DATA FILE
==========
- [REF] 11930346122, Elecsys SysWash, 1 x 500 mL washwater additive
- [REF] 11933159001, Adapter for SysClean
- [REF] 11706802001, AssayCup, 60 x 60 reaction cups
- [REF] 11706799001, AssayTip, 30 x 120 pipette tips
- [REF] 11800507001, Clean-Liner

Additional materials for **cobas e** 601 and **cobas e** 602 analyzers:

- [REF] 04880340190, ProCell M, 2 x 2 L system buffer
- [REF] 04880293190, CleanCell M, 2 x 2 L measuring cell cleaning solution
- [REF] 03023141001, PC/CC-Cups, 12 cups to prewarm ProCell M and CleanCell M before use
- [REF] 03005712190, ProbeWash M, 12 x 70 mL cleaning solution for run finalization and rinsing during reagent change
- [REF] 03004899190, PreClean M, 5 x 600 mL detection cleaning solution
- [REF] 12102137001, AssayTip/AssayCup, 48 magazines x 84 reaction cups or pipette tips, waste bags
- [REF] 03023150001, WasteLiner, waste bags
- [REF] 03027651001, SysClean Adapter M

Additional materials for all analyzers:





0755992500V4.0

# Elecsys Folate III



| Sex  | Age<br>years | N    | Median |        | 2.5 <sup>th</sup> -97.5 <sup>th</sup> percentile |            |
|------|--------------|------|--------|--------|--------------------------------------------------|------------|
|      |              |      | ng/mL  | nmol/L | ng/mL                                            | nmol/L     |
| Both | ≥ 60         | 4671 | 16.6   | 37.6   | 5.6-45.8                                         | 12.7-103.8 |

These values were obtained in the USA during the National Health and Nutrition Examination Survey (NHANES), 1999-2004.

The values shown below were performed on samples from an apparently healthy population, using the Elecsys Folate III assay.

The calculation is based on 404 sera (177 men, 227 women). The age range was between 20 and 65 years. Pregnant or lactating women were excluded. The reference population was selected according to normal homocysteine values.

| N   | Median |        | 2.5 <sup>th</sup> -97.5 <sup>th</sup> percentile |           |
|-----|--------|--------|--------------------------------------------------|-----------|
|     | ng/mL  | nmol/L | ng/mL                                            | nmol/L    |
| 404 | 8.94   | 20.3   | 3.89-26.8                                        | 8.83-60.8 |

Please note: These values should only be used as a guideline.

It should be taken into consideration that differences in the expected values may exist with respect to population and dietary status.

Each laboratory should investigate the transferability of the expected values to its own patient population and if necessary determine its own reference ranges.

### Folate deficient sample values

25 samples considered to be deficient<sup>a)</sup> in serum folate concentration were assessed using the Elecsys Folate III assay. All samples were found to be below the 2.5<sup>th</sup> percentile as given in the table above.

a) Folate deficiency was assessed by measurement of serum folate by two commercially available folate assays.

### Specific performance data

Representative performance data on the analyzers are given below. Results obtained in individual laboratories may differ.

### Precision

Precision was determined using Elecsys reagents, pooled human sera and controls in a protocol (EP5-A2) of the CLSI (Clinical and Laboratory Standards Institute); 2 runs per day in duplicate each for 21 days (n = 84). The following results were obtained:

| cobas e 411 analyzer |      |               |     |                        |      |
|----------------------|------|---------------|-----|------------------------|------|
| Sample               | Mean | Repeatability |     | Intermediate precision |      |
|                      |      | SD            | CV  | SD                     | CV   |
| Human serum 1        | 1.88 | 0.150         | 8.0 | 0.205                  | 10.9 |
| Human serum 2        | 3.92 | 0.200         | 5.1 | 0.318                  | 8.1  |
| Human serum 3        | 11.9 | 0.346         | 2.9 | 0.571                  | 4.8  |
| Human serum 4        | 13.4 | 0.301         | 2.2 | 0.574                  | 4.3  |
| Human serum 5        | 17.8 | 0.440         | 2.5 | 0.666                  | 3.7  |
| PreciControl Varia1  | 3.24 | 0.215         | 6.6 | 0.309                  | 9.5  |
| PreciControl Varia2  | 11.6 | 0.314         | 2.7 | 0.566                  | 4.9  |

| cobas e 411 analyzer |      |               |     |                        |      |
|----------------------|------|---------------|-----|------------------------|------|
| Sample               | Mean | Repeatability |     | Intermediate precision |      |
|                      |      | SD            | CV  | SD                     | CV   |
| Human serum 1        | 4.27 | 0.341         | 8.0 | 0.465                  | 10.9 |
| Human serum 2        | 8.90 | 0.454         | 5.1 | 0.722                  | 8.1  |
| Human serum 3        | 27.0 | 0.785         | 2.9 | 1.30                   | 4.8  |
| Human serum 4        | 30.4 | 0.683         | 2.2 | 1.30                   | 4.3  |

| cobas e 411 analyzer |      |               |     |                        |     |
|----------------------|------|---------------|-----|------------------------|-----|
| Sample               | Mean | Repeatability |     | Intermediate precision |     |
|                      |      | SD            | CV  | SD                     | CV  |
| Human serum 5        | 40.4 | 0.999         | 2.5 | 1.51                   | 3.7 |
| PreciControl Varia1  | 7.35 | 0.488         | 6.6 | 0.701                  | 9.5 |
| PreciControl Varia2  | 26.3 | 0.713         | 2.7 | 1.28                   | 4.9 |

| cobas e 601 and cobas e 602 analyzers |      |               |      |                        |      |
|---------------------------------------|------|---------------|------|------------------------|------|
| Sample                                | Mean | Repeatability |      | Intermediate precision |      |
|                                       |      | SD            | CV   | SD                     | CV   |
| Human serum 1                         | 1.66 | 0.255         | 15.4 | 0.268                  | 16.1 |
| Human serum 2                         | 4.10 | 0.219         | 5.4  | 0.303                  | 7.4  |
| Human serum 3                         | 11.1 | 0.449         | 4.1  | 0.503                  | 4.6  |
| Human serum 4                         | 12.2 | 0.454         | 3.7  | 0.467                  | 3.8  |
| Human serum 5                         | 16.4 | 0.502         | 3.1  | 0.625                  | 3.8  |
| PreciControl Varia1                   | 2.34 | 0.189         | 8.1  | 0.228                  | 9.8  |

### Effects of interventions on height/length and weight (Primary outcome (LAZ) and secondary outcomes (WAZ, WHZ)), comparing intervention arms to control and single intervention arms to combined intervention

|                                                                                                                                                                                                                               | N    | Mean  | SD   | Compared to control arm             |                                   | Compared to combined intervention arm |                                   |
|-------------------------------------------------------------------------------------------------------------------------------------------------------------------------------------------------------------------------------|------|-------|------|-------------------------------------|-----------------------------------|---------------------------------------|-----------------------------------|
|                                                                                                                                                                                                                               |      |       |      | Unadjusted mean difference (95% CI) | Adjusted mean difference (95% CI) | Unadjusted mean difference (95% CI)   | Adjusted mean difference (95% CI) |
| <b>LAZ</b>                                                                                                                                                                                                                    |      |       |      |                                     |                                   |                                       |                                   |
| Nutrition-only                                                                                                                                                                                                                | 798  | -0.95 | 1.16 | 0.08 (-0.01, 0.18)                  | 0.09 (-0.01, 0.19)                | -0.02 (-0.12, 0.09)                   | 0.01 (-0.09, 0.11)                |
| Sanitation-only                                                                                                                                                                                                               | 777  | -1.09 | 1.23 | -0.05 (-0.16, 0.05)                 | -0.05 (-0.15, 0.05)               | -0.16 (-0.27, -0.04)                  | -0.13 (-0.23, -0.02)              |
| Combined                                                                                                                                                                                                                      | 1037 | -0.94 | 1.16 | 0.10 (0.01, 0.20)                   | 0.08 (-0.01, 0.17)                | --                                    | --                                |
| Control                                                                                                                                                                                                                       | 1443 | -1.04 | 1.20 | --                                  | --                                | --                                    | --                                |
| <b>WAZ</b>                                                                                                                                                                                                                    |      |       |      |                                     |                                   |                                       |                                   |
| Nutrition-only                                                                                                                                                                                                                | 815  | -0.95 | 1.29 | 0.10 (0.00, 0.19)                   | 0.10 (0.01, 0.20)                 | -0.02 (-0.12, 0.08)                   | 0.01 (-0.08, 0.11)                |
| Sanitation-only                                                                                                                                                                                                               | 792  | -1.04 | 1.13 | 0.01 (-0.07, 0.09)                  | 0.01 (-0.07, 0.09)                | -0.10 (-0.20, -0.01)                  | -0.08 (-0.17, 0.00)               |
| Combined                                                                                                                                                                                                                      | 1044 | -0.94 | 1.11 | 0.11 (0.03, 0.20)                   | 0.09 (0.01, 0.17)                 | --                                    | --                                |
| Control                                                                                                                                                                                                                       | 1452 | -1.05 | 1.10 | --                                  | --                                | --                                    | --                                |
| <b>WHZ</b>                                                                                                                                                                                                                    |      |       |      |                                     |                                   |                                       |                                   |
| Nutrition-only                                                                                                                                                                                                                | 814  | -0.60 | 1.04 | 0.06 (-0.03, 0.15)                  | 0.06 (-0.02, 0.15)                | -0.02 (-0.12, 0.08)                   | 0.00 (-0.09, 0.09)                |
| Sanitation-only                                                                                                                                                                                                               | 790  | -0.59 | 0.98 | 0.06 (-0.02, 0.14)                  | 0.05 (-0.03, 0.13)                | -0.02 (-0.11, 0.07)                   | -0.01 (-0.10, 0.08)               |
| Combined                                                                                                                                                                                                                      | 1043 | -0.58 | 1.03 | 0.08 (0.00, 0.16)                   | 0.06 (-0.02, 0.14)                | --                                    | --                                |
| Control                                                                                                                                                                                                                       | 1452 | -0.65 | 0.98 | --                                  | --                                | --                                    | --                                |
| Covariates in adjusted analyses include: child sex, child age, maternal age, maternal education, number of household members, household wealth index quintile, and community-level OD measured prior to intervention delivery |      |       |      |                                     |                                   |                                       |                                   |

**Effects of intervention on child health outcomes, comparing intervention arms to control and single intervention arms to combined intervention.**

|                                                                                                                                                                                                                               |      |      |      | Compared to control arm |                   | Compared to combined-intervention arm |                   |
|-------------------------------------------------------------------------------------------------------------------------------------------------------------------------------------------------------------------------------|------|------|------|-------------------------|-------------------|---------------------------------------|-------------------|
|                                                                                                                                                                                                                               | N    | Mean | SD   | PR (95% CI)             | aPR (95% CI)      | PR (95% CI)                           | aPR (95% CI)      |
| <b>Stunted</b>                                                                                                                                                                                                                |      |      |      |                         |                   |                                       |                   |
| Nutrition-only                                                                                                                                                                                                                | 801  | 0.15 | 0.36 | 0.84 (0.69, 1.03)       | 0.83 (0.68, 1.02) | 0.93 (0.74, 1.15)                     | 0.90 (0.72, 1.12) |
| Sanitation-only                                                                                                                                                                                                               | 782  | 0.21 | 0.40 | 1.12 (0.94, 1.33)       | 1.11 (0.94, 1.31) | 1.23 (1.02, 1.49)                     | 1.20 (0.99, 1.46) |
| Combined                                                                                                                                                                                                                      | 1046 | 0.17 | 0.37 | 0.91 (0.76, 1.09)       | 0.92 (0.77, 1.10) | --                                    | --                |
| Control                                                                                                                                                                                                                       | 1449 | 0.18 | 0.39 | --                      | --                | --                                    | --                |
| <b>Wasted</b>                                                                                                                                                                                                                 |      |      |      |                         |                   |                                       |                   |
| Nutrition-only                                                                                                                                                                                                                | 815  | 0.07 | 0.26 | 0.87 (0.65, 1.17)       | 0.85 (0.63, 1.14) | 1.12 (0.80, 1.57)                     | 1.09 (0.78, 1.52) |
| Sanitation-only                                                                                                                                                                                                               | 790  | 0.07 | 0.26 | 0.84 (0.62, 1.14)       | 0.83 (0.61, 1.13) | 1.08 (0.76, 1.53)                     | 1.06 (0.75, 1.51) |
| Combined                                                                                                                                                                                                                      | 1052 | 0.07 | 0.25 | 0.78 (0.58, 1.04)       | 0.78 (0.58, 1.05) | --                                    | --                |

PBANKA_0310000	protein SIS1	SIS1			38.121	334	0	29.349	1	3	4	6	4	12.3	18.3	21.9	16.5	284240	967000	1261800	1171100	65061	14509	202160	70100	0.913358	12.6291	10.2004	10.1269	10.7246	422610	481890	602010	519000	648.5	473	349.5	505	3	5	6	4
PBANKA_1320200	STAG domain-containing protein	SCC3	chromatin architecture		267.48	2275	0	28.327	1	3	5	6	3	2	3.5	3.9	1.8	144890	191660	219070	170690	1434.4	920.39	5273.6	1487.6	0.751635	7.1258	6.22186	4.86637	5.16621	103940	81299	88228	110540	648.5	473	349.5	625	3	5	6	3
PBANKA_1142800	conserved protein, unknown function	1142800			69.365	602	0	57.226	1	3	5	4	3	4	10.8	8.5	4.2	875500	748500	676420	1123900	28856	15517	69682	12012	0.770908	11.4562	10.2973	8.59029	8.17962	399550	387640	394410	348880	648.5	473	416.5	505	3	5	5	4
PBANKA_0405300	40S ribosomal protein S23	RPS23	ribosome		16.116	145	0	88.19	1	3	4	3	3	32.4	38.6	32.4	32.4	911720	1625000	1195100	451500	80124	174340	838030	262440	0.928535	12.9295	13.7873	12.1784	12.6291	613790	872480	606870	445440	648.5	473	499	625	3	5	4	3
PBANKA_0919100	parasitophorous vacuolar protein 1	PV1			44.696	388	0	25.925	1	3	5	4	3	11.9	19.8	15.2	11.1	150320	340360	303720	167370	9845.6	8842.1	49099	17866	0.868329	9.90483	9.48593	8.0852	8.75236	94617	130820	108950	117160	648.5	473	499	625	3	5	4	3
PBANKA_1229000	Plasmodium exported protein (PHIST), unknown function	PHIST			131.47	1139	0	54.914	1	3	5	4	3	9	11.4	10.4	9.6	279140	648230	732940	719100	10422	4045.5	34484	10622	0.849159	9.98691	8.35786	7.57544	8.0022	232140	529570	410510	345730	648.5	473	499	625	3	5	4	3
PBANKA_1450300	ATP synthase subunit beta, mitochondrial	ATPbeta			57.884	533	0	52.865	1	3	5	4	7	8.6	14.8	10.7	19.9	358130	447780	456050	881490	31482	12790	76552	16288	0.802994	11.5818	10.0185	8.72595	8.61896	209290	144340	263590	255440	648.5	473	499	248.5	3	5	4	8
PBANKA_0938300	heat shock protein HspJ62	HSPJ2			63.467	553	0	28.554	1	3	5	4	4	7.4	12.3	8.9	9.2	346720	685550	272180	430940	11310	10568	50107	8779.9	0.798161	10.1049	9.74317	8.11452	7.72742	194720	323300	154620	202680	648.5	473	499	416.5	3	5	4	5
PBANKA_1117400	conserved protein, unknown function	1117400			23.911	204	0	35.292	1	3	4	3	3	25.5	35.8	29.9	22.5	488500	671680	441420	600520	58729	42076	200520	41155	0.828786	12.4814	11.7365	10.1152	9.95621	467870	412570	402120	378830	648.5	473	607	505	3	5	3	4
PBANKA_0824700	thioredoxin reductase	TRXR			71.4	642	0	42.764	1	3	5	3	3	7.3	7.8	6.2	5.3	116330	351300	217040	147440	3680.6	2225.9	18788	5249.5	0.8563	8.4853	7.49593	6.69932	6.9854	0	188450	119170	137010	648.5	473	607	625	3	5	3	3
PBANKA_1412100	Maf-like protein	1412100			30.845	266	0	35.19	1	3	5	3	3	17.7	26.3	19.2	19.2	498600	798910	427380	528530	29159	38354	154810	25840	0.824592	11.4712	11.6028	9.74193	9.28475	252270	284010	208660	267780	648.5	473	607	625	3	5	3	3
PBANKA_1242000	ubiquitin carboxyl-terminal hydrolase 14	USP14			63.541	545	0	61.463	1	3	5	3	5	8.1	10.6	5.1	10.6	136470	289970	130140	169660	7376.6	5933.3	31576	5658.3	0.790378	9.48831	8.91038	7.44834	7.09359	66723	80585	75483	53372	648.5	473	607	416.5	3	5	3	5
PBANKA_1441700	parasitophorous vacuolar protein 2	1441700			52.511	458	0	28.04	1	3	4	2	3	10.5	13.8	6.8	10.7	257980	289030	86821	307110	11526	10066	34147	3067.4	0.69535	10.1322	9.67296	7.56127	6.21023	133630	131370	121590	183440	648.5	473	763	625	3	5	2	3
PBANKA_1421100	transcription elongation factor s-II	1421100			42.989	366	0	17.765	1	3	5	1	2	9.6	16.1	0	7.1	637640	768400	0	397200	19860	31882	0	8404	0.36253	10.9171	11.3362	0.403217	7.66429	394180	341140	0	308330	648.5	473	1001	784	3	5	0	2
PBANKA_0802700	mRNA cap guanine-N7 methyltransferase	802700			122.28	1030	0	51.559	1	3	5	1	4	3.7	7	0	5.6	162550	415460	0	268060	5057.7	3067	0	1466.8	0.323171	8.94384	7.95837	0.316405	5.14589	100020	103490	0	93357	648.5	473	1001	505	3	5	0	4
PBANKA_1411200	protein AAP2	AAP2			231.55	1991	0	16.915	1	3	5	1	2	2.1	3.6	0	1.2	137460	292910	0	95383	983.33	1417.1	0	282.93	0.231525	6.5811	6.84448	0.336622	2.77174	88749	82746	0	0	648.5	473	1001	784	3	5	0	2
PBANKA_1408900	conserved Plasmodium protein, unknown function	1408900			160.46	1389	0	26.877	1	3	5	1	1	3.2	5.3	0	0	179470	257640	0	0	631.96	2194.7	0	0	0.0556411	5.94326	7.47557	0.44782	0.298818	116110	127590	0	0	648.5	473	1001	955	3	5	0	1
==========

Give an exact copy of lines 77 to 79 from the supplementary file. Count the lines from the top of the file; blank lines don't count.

|-------------------------------------------------------------------------------------------------------------------------------------------------------------------------------------------------------------------------------|------|-------|------|-------------------------------------|-----------------------------------|---------------------------------------|-----------------------------------|
|                                                                                                                                                                                                                               |      |       |      | Unadjusted mean difference (95% CI) | Adjusted mean difference (95% CI) | Unadjusted mean difference (95% CI)   | Adjusted mean difference (95% CI) |
| <b>LAZ</b>                                                                                                                                                                                                                    |      |       |      |                                     |                                   |                                       |                                   |